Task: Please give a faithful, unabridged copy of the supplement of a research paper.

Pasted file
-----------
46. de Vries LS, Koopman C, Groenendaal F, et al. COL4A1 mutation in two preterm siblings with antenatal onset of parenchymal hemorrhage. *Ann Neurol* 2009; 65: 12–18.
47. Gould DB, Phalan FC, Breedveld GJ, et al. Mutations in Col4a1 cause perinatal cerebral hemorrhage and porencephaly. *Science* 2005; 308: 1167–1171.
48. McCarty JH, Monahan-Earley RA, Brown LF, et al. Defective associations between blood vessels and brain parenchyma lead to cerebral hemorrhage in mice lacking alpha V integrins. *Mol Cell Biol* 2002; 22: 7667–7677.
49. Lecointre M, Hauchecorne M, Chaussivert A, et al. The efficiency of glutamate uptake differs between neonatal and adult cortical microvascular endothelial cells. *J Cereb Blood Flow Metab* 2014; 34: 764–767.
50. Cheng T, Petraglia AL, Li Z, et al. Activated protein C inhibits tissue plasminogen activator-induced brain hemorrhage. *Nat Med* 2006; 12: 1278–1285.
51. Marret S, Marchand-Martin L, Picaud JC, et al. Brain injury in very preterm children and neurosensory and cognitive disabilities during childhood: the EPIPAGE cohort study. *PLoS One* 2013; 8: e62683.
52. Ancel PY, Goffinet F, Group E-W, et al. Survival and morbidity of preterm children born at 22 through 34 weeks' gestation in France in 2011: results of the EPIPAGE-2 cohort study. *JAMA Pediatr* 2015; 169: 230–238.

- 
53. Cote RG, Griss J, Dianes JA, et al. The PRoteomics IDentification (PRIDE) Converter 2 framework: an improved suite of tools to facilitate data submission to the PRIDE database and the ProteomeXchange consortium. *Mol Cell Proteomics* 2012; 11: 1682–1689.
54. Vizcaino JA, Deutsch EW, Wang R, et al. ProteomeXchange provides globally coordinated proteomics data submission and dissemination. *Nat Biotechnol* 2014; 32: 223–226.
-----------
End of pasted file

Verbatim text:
46. de Vries LS, Koopman C, Groenendaal F, et al. COL4A1 mutation in two preterm siblings with antenatal onset of parenchymal hemorrhage. *Ann Neurol* 2009; 65: 12–18.
47. Gould DB, Phalan FC, Breedveld GJ, et al. Mutations in Col4a1 cause perinatal cerebral hemorrhage and porencephaly. *Science* 2005; 308: 1167–1171.
48. McCarty JH, Monahan-Earley RA, Brown LF, et al. Defective associations between blood vessels and brain parenchyma lead to cerebral hemorrhage in mice lacking alpha V integrins. *Mol Cell Biol* 2002; 22: 7667–7677.
49. Lecointre M, Hauchecorne M, Chaussivert A, et al. The efficiency of glutamate uptake differs between neonatal and adult cortical microvascular endothelial cells. *J Cereb Blood Flow Metab* 2014; 34: 764–767.
50. Cheng T, Petraglia AL, Li Z, et al. Activated protein C inhibits tissue plasminogen activator-induced brain hemorrhage. *Nat Med* 2006; 12: 1278–1285.
51. Marret S, Marchand-Martin L, Picaud JC, et al. Brain injury in very preterm children and neurosensory and cognitive disabilities during childhood: the EPIPAGE cohort study. *PLoS One* 2013; 8: e62683.
52. Ancel PY, Goffinet F, Group E-W, et al. Survival and morbidity of preterm children born at 22 through 34 weeks' gestation in France in 2011: results of the EPIPAGE-2 cohort study. *JAMA Pediatr* 2015; 169: 230–238.

- 
53. Cote RG, Griss J, Dianes JA, et al. The PRoteomics IDentification (PRIDE) Converter 2 framework: an improved suite of tools to facilitate data submission to the PRIDE database and the ProteomeXchange consortium. *Mol Cell Proteomics* 2012; 11: 1682–1689.
54. Vizcaino JA, Deutsch EW, Wang R, et al. ProteomeXchange provides globally coordinated proteomics data submission and dissemination. *Nat Biotechnol* 2014; 32: 223–226.